I also processed the last of our cucumbers saved for seed. After an overflow disaster with the last batch, I made sure to leave plenty of headspace in the jars to allow for increased volume as the seed and goo ferments. I also rinsed some of the seed to remove the gel that surrounds it in the cucumber without the fermentation process.

Current Growing Garden SeedsIf you're new to seed saving, I find Rob Johnston, Jr.'s old booklet, Growing Garden Seeds, to be a great starting point. It doesn't go into much depth, but covers all the basics. When I checked the link today, I found that Johnny's Selected Seeds had raised the price on the book 7ยข, to a whopping $3.02, plus shipping and handling.

We've has some problems with our saved seed so far this fall. Our germination tests have been disappointing. So I'm hoping for better results with the currently saved seed. I was much more careful with these batches not to do anything silly that would damage the seed.

I cut another nice head of broccoli today. That's six main heads so far with one sideshoot. While I froze our earlier picked broccoli, this head will go for fresh use.

I keep thinking it's time to bring in our hummingbird feeders for the year, but then I see another hummingbird. We had several hummingbirds visiting our feeder yesterday and today. I didn't see the birds today, but Annie saw them as they whizzed through our porch while she was sitting on our glider. I have brought in, cleaned and stored two other feeders that were in less visible positions.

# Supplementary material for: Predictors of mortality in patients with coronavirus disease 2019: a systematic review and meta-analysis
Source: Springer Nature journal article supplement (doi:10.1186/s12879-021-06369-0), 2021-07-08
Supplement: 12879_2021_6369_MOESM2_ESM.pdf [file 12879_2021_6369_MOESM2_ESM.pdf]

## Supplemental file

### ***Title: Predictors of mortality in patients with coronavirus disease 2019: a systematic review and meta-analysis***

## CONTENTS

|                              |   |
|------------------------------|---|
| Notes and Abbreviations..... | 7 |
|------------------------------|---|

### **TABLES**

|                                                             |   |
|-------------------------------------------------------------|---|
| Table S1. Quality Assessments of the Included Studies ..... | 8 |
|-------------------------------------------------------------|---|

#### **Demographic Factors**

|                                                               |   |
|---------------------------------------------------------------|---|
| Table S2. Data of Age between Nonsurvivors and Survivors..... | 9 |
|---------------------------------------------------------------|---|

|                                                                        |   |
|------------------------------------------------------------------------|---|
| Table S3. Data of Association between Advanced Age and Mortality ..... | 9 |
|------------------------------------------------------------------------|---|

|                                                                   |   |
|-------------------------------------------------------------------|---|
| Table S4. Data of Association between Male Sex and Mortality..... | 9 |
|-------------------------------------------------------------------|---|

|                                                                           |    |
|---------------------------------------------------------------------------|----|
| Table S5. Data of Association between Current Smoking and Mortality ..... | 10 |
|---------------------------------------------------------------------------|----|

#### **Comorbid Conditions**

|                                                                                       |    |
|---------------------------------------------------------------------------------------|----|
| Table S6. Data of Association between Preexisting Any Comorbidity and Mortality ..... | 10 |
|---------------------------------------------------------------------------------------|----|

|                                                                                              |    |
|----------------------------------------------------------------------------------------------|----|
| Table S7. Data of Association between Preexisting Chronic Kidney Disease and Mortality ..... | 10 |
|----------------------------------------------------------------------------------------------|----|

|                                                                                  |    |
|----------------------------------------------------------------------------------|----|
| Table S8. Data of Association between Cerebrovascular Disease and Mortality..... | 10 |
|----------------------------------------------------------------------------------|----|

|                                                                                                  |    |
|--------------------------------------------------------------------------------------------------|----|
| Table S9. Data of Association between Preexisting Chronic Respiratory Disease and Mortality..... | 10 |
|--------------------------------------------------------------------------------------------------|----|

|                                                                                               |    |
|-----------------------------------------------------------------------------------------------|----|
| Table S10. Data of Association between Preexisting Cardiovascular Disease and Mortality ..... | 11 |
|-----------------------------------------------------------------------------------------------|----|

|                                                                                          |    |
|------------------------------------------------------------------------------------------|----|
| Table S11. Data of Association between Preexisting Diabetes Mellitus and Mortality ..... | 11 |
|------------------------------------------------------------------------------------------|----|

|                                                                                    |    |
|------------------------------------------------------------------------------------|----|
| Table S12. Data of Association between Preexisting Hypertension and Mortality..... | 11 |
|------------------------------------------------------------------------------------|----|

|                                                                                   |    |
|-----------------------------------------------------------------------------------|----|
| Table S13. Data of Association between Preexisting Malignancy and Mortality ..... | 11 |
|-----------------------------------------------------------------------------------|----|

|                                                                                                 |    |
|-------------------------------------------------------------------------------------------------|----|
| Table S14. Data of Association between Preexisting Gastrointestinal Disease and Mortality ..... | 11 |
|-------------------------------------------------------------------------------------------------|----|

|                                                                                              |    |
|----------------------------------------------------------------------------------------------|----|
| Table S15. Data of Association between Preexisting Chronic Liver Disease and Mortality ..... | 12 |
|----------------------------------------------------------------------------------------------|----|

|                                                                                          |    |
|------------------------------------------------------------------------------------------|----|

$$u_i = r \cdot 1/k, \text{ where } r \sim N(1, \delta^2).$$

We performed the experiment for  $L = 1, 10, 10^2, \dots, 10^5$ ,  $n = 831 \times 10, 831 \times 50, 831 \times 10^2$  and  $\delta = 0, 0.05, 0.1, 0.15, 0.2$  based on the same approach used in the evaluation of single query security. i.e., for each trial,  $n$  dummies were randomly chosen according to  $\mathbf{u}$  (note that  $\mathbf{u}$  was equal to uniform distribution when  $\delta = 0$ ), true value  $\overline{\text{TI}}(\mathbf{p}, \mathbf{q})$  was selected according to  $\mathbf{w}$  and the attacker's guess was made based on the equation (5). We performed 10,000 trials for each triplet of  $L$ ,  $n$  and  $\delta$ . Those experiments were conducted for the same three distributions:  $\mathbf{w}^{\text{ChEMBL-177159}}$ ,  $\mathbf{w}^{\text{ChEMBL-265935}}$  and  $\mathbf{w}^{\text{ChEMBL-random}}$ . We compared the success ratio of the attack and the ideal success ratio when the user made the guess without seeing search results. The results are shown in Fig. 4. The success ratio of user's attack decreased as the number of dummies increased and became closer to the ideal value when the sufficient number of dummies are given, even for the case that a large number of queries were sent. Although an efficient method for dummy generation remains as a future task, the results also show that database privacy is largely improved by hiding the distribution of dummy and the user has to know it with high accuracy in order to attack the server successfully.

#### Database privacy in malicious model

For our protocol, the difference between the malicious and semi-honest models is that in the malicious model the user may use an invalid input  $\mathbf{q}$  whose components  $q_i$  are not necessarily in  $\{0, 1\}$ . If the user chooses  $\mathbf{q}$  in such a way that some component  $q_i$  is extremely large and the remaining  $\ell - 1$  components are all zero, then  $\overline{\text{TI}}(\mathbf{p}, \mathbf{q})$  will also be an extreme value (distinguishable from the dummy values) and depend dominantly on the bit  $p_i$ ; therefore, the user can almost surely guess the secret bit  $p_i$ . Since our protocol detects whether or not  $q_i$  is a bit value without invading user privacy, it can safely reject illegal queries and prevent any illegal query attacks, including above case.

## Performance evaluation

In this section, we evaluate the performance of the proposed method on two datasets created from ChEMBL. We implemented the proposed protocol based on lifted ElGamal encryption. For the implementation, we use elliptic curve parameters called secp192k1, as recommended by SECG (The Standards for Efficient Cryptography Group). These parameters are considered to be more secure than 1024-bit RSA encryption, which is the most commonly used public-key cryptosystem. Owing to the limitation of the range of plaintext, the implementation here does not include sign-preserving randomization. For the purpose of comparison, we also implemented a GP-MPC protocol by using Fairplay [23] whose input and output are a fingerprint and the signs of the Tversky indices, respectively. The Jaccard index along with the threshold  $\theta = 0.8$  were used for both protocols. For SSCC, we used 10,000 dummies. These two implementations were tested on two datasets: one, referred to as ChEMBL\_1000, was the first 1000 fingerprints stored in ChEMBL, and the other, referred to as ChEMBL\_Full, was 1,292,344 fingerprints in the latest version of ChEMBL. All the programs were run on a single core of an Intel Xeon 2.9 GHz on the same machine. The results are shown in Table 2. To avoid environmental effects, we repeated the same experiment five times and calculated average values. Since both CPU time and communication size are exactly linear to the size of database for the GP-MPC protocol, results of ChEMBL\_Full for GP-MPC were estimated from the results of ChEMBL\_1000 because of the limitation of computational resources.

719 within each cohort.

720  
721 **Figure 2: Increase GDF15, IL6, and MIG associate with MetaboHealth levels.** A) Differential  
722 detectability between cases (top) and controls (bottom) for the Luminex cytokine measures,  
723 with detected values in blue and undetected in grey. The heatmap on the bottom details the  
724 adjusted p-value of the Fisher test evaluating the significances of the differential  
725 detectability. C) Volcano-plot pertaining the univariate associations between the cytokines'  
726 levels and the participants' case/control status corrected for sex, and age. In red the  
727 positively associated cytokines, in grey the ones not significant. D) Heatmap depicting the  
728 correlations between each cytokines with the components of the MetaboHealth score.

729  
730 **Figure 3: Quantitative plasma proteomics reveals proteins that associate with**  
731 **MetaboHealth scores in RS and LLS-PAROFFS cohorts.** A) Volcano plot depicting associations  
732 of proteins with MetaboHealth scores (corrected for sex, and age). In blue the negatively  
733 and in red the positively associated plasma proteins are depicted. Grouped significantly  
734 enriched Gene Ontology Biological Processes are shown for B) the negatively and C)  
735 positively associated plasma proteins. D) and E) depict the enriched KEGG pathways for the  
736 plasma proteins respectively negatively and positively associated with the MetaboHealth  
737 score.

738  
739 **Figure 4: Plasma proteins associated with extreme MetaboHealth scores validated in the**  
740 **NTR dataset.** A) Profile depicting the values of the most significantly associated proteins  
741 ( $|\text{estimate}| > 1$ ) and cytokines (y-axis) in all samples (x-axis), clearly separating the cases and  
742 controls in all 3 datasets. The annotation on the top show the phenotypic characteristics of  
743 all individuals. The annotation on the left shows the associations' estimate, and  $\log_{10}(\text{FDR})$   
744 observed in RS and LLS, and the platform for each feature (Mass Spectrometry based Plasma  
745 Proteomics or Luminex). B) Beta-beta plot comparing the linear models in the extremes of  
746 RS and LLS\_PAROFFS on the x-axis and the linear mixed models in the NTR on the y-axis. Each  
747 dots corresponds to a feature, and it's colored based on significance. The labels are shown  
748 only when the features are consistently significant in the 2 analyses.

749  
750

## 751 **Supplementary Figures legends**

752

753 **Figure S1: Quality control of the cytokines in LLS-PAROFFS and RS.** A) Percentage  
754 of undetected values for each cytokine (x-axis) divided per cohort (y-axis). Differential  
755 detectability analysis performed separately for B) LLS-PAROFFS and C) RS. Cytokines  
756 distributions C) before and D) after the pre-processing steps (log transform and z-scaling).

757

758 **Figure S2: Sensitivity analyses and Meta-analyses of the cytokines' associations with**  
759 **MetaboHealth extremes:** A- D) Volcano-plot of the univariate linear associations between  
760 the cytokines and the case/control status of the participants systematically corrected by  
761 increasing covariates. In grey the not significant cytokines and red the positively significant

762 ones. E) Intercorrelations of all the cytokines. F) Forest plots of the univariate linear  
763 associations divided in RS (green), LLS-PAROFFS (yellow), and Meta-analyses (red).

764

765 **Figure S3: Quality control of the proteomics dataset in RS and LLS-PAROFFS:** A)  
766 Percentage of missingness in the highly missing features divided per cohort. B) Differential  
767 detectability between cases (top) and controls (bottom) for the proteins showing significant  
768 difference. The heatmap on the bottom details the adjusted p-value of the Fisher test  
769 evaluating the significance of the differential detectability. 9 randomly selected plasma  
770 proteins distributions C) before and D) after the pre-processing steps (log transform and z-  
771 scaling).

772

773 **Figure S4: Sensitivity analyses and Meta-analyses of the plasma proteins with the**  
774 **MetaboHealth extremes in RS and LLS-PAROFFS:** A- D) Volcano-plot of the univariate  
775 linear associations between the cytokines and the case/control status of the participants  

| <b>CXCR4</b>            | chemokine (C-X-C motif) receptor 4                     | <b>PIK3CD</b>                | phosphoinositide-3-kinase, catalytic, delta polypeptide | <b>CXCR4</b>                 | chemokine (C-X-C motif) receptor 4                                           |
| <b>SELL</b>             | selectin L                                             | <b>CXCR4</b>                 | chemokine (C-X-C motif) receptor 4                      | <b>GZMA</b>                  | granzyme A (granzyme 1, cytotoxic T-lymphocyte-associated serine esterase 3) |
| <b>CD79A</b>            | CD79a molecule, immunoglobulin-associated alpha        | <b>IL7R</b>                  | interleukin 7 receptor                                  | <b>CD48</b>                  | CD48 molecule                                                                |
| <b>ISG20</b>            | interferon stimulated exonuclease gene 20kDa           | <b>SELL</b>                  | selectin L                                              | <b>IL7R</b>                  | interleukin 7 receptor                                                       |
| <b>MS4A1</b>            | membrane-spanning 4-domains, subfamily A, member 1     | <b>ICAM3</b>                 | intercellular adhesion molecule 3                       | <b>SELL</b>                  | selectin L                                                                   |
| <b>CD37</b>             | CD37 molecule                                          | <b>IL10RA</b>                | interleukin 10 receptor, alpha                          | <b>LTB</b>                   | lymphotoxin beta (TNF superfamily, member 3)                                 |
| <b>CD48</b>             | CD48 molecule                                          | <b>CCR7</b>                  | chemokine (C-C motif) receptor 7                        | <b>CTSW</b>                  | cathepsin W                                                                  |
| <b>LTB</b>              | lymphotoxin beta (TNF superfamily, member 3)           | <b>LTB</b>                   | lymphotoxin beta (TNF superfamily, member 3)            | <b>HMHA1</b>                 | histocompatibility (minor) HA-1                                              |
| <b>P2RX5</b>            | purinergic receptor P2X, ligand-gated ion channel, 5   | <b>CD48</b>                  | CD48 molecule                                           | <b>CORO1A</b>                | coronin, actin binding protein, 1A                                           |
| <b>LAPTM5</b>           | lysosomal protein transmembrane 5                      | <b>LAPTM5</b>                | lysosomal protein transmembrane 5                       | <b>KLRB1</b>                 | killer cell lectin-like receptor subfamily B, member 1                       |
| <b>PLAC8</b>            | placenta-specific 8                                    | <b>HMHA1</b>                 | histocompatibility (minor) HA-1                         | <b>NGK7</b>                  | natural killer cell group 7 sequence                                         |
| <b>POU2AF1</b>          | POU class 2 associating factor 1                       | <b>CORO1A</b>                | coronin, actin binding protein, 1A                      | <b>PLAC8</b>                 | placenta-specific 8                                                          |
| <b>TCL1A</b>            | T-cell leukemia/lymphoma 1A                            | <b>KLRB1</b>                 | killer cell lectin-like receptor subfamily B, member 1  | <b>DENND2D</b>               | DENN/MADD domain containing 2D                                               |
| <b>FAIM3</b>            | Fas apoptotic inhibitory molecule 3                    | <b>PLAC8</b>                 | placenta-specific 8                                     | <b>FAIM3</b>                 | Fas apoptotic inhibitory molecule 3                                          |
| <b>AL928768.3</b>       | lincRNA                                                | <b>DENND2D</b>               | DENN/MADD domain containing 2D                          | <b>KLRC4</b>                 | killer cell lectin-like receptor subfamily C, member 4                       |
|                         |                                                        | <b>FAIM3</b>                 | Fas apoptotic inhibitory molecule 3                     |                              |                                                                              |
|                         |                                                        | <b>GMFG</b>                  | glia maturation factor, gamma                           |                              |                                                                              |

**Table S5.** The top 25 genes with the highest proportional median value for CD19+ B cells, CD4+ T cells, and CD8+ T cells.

We got a tenth of an inch of rain yesterday which interrupted, but didn't stop. my mowing. I waiting an hour and finished up our main yard after the sun had come back out. The tenth of an inch raised our yearly total of precipitation to 40 inches.

I also brought in another three to four cubic feet of screened compost this week. This batch filled in some low spots in our raised herb bed around our shallow well pump with the rest going to our asparagus patch.

I did a bit of research on seniors gardening late last month, but never got it posted. So I'll share the links here.

Benefits of Gardening for Seniors

While I don't write about it all here, October is a busy month in our garden plots. I'm still pinching blooms off of our basil plants, pulling weeds in all our garden patches, and harvesting what I can each day. I really treasure these last days of the season.